Very nice alternative. Thanks

Castille soap is not shampoo. It is soap. It is highly alkaline and only suitable for virgin, healthy hair. When I tried it my hair felt all gummy and then when dry it was like straw. Shampoo has surfactants and is pH balanced and mild. Soap is absolutely terrible for damaged or color treated hair! I'm glad at least the one person above is rinsing with apple cider vinegar-that will help bring the pH back, but high alkaline causes damage that can't be totally reversed.

aohlmann5 months ago

Does anyone know if this can be used for body wash or hand soap?

I use Dr Bronners for hand soap, in dispensers, diluted with water to prevent the dispenser from getting stopped up. I have also used it in the past for bathing, currently I am using something else though.

I am here cause my go-to shampoo has a new improved formula with lots of additives that will no doubt trigger allergies. Knew I needed a rinse to adjust the PH and needed info on a formula. I guess its 1/4 cup vinegar/ 8 oz water.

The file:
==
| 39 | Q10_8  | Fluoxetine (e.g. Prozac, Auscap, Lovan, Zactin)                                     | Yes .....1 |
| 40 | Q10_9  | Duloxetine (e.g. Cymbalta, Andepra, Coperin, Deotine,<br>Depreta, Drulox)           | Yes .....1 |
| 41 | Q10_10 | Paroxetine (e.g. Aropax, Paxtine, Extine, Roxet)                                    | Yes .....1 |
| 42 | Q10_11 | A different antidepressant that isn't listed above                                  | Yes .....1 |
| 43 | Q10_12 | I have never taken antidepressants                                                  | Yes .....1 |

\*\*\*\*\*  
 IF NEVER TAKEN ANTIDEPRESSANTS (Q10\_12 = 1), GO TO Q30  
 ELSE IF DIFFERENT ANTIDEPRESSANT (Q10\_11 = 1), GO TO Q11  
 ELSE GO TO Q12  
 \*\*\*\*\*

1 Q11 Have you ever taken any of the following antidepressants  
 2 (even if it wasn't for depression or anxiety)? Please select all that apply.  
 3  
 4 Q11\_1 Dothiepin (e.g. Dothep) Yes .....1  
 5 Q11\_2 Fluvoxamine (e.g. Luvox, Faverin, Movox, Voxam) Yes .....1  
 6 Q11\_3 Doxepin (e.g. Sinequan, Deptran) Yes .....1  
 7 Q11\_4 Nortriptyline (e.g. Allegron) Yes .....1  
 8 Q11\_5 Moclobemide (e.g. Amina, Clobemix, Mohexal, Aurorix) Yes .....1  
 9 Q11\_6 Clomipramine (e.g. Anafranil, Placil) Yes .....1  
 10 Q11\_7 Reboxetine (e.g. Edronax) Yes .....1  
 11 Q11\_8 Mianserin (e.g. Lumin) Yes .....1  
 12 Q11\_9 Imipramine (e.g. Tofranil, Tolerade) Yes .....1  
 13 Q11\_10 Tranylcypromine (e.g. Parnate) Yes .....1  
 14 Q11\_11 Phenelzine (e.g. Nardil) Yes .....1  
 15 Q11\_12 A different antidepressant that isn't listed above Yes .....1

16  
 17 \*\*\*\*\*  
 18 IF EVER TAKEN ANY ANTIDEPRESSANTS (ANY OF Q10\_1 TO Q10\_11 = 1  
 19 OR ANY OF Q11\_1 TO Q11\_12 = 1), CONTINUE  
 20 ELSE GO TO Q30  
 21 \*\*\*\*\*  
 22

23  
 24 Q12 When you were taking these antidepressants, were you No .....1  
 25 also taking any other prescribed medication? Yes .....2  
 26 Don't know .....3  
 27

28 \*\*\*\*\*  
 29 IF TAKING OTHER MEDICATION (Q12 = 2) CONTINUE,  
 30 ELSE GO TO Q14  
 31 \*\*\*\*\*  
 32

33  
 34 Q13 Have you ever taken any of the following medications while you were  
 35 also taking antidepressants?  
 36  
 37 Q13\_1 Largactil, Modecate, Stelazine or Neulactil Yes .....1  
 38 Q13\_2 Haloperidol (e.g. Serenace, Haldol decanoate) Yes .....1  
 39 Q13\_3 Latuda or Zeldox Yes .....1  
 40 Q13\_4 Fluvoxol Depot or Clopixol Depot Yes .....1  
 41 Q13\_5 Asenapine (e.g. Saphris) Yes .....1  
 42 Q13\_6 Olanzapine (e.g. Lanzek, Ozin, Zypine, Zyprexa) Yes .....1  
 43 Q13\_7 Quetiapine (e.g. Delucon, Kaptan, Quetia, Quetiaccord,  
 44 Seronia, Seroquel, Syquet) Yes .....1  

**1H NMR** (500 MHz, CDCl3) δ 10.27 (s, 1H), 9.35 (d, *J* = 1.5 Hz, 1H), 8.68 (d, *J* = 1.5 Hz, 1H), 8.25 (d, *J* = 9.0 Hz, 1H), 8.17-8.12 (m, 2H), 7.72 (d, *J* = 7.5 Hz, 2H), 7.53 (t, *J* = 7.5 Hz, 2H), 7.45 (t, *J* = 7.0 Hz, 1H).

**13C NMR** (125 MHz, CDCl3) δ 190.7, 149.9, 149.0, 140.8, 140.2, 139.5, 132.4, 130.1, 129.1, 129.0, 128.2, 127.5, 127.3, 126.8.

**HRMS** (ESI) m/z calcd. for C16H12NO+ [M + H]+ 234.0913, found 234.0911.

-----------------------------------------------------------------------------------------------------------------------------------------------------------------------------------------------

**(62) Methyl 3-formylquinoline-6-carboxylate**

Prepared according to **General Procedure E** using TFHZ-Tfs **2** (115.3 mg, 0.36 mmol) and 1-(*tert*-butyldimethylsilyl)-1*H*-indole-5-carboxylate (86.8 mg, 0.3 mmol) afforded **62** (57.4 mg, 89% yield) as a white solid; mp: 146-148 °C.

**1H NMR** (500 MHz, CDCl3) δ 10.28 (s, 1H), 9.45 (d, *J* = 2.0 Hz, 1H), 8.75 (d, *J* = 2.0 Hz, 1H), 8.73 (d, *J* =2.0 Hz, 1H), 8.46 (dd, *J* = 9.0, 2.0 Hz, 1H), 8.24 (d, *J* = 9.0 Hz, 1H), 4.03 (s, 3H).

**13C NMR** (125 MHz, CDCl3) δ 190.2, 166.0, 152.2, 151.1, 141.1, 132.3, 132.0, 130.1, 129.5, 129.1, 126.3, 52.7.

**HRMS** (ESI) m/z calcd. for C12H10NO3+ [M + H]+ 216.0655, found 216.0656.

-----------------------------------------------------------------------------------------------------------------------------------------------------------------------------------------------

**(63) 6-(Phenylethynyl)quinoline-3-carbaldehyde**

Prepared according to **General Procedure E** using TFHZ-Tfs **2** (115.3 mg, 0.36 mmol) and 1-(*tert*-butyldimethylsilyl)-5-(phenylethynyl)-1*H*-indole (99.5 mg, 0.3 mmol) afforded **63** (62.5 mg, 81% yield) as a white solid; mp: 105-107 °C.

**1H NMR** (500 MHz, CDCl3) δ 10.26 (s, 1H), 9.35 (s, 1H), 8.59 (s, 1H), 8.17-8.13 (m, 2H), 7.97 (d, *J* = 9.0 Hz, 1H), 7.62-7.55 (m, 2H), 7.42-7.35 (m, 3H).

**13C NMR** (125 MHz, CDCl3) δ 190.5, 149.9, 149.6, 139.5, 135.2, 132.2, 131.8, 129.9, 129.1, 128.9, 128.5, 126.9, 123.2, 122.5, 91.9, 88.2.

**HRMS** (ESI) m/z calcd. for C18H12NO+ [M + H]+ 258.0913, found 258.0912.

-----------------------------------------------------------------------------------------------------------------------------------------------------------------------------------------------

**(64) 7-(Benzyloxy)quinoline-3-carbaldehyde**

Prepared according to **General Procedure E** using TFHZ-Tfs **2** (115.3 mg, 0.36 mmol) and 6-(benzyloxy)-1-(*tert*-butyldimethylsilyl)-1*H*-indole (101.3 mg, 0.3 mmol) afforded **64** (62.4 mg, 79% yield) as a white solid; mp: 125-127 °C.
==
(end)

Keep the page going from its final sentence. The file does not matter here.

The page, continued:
mufary5 years ago
Dandruff is also often caused by a fungal infection of Malassezia furfur or the yeast Pityrosporum ovale. However, guess what's been shown to treat that fungus pretty well? Tea tree oil! A 5% solution of tea tree oil makes a great antifungal. Would your recipe tolerate tea tree oil at 5% -- would it still lather well? I'm going to try it!!

{source: http://www.ncbi.nlm.nih.gov/pubmed/12451368 and *blush* Wikipedia}
MadelineR1 mufary3 months ago

How did it work out for you? I'd like to try it.

scoochmaroo (author)  mufary5 years ago
Go for it. I use the tea tree/peppermint combination because I have scalp troubles too. It's been great! Tea tree oil is great for a variety of skin irritations/problems.